AP Lit A- PD 8
26 October 2017
To Need a Therapist
“To be or not to be.” As one of, if not the most, recognizable lines in all of literature, this Hamlet soliloquy reveals a lot about what is going on in Hamlet’s mind. After finding out that his father was murdered, his mother is remarried to his uncle, his uncle colluded in the plan to kill his father in order to gain the crown, it is not a surprise that he spends roughly an entire page in Act 3 scene 1 discussing the pros and cons of committing suicide. Overall, the soliloquy reveals Hamlet’s internal struggle between continuing on his path of revenge against Claudius or abandoning everything all together and just giving up. But through the debate he also battles over trusting faith, that everything will be better in the afterlife and knowing that logically nobody really knows what could happen on the other side- it could be better, but it also could get worse. A lot of this internal battle plays into the confusing interaction between him and Ophelia that follows. He claims that he loved her at one point but that things have changed now and she seems to be no longer the good pure woman she was before and she should just become a nun rather than have sinner children. In the context of the play, he says earlier that he is just acting crazy (1.5.191-2) so nobody suspects his plan to kill Claudius and Polonius is desperate to prove that he is madly in love with Ophelia (using this interaction to do so). But the audience does not know whether Hamlet is pretending to be crazy still or if he has actually been driven mad and is sincere in rejecting Ophelia. The scene only confuses the relationship and the emotional intensity with which they interact indicates that they may be on the outs if not because he has lost his affection than because he is too overwhelmed with his revenge and grief to process their relationship.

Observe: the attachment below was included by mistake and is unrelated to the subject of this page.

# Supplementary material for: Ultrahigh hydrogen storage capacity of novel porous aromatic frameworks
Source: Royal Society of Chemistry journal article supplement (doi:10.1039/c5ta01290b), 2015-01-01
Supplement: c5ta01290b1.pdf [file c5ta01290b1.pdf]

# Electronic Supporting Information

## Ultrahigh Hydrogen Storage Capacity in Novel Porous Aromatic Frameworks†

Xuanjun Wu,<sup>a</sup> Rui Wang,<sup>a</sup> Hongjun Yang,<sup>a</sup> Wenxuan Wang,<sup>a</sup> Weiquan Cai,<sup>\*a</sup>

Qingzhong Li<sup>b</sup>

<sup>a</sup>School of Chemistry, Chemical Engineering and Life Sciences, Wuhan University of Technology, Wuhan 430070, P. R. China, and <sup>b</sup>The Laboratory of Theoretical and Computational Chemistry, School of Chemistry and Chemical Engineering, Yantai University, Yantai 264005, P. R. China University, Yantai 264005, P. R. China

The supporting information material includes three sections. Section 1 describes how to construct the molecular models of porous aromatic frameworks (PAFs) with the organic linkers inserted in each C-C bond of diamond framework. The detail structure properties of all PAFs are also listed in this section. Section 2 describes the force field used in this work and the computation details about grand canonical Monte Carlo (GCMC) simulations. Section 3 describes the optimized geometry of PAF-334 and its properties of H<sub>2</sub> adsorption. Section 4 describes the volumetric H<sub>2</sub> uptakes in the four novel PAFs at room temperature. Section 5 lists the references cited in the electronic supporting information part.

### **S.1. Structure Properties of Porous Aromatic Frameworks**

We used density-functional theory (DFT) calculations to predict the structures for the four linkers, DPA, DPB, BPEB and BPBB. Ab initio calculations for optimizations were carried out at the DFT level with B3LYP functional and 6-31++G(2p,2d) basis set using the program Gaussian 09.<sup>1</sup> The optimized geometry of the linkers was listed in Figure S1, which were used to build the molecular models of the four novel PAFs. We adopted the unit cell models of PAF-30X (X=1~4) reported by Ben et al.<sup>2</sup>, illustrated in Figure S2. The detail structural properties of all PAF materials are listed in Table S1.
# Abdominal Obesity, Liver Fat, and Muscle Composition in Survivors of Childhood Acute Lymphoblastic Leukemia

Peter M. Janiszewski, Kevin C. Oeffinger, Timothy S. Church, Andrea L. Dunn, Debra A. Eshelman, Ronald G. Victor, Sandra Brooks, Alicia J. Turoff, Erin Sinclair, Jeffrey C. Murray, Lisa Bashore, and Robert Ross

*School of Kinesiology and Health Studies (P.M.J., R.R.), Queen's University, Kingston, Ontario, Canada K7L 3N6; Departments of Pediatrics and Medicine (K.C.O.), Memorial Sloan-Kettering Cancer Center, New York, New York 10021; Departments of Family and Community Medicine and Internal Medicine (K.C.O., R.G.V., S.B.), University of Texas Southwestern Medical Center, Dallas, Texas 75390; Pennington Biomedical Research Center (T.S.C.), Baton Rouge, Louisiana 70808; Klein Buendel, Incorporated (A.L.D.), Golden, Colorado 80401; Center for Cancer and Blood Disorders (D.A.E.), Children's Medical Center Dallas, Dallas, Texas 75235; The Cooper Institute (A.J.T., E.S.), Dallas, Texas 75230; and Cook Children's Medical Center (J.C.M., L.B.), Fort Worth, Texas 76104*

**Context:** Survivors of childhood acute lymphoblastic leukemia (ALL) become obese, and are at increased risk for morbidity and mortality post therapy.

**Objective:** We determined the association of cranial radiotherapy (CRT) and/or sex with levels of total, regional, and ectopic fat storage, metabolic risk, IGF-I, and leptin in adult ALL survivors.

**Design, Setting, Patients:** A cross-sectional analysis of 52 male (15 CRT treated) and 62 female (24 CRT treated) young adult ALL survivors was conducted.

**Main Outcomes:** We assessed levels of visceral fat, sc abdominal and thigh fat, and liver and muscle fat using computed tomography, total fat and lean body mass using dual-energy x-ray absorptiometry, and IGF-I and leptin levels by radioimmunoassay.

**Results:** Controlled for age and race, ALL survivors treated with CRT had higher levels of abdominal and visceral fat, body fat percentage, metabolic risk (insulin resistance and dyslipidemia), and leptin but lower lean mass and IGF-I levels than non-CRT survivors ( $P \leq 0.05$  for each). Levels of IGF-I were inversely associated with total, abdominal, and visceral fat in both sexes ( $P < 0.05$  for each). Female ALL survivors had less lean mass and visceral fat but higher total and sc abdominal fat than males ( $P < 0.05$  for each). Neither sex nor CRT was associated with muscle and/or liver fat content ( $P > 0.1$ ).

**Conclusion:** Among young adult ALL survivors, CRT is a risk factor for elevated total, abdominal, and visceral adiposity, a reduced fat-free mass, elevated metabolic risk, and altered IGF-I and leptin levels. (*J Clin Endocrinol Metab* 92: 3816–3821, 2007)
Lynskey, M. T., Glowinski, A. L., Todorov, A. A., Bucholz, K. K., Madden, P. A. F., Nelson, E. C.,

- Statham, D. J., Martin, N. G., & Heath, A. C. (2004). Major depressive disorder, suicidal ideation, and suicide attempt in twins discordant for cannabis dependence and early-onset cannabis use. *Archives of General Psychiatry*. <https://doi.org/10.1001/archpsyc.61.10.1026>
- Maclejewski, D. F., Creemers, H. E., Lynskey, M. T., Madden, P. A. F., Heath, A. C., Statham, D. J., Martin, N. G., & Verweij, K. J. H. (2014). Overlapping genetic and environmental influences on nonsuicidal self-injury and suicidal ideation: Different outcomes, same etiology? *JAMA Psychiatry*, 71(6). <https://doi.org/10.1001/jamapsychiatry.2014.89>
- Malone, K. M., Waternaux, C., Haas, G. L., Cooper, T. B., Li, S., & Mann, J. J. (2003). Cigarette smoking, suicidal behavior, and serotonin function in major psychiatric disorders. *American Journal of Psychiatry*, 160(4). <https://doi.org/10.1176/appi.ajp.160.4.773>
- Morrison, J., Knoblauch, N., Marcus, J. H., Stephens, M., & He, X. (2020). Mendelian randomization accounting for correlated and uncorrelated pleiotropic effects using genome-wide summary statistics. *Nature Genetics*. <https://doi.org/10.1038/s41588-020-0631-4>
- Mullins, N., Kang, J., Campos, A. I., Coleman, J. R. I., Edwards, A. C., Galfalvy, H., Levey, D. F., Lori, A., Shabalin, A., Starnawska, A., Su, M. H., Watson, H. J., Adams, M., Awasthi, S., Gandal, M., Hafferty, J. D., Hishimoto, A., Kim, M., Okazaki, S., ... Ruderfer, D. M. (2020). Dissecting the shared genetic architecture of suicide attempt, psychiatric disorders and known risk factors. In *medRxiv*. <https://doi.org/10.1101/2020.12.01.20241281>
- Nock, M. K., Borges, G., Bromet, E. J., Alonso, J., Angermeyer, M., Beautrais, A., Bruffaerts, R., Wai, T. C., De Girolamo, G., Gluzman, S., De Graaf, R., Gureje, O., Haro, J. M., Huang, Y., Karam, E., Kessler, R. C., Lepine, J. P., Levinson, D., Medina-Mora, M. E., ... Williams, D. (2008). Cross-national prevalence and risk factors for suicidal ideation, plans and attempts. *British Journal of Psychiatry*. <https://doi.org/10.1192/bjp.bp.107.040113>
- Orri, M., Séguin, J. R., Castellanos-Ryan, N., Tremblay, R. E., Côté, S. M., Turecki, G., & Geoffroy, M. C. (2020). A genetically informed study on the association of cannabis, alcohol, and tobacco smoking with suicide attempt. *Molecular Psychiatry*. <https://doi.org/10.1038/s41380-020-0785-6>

In his 1996 film, Hamlet, Kenneth Branagh keeps Hamlet’s soliloquy fairly consistent to Shakespeare's original because compared to other film interpretations there is less action, Hamlet stands there and talks to himself in the mirror, devoid of exaggerated emotions or dramatic movements. Thematic score makes the scene seem slower and increasingly ominous. While this stays true to the lack of stage direction in the original, it does not help the reader gain insight into the mindset of Hamlet. The audience cannot truly understand the distraught desperate nature of Hamlet’s position based on the apathetic expression (relaxed facial muscles and minimal pitch changes while speaking as would occur in expressing a positive or negative emotion) on the actor’s face. The ominous rumbling/echoes in the background of the soliloquy help to increase the intensity of the scene and make it seem more dramatic thereby emphasizing the importance of this scene to the significance to the play overall and to Hamlet’s mindset. Branagh also chooses to have Hamlet raise a dagger to...